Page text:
CHARLOTTE, N.C. -- With a hot meal and a solemn prayer, Muslims in Charlotte hoped to contrast their peaceful demeanor with violence exploding in the Middle East.
“We're denouncing extremist acts by people claiming to be Muslim,” said Jibril Hough of the Islamic Center of Charlotte. “We're saying you’re not doing this in our name.”
The interfaith dinner at the Muslim American Society on Shamrock Road brought together people of different faiths to share a meal, and respectful conversations about religion.
At one table, a Buddhist woman, a Muslim woman, and a woman who practices the Bahai faith all discussed their similar views of Jesus Christ – agreeing he is “the anointed one,” similar to the Christian view.
At another table, Dave Molinaro reflected on the many religions worldwide.
“The differences between us are so small and so insignificant, and yet what brings us together is so large,” he said.
Hough and Imam John Ederer of the Muslim American Society said they brought the groups together on short notice to prove that people of different faiths can act respectfully. They also wanted to denounce the violence overseas -- and the film that set it off.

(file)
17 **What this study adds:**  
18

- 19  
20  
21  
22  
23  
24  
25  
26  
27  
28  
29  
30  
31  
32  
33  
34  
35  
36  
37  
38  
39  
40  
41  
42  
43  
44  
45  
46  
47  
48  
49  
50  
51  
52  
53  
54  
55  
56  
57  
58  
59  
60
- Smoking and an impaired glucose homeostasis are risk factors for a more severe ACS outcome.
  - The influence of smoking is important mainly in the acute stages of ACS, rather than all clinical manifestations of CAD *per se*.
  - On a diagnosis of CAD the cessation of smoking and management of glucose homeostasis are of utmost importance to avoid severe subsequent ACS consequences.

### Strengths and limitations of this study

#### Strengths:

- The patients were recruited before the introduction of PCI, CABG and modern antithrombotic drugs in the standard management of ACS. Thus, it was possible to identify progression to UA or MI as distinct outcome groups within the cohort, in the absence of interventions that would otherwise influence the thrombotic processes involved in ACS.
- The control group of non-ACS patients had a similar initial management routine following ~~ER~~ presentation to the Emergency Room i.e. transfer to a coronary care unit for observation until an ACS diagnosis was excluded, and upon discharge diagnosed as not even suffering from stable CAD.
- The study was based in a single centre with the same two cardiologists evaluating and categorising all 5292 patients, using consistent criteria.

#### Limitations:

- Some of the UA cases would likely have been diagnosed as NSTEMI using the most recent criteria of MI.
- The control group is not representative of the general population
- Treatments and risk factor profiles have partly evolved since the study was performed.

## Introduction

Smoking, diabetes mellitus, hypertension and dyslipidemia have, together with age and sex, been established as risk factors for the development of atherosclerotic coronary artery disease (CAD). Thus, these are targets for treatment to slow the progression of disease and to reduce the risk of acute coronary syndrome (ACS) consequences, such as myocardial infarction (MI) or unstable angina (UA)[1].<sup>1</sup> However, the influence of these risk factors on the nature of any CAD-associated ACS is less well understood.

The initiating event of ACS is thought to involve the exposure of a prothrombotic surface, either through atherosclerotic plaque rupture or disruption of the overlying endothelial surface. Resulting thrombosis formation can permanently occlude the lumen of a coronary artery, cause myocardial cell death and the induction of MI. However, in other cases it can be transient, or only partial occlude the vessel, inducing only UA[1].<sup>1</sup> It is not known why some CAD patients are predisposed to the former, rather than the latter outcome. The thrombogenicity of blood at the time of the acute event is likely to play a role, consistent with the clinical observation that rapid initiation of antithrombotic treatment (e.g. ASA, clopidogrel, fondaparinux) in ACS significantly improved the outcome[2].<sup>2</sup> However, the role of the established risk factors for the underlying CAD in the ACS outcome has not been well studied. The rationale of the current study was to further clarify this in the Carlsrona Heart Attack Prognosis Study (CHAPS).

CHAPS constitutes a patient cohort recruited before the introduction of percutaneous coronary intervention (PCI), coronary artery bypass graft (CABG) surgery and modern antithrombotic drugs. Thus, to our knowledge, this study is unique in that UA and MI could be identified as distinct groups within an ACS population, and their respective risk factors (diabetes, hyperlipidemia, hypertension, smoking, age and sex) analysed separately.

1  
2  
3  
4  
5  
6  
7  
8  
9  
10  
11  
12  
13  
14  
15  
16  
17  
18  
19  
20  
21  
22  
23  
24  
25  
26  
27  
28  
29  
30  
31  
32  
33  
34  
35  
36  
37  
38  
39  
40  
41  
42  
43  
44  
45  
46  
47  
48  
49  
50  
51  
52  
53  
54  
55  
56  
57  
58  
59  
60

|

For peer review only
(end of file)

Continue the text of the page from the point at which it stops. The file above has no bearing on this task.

“We're denouncing both forms of extremism,” said Hough. “Whether it’s making a film or killing innocent people in reaction to the film, we're denouncing both.”
“To me in our faith, human life is more valuable than somebody's attack verbally on religion,” added Ederer.
Ederer said extremes do not define a country, or a faith.
“It’s a very small group percentage wise of Muslims that are doing that in the Middle East,” said Ederer, “and it’s a very small group of Americans that support this film that was made.”
And they hope breaking bread together will open up dialogue for the vast majority in between.
“I think we need to do it more often,” Molinaro agreed.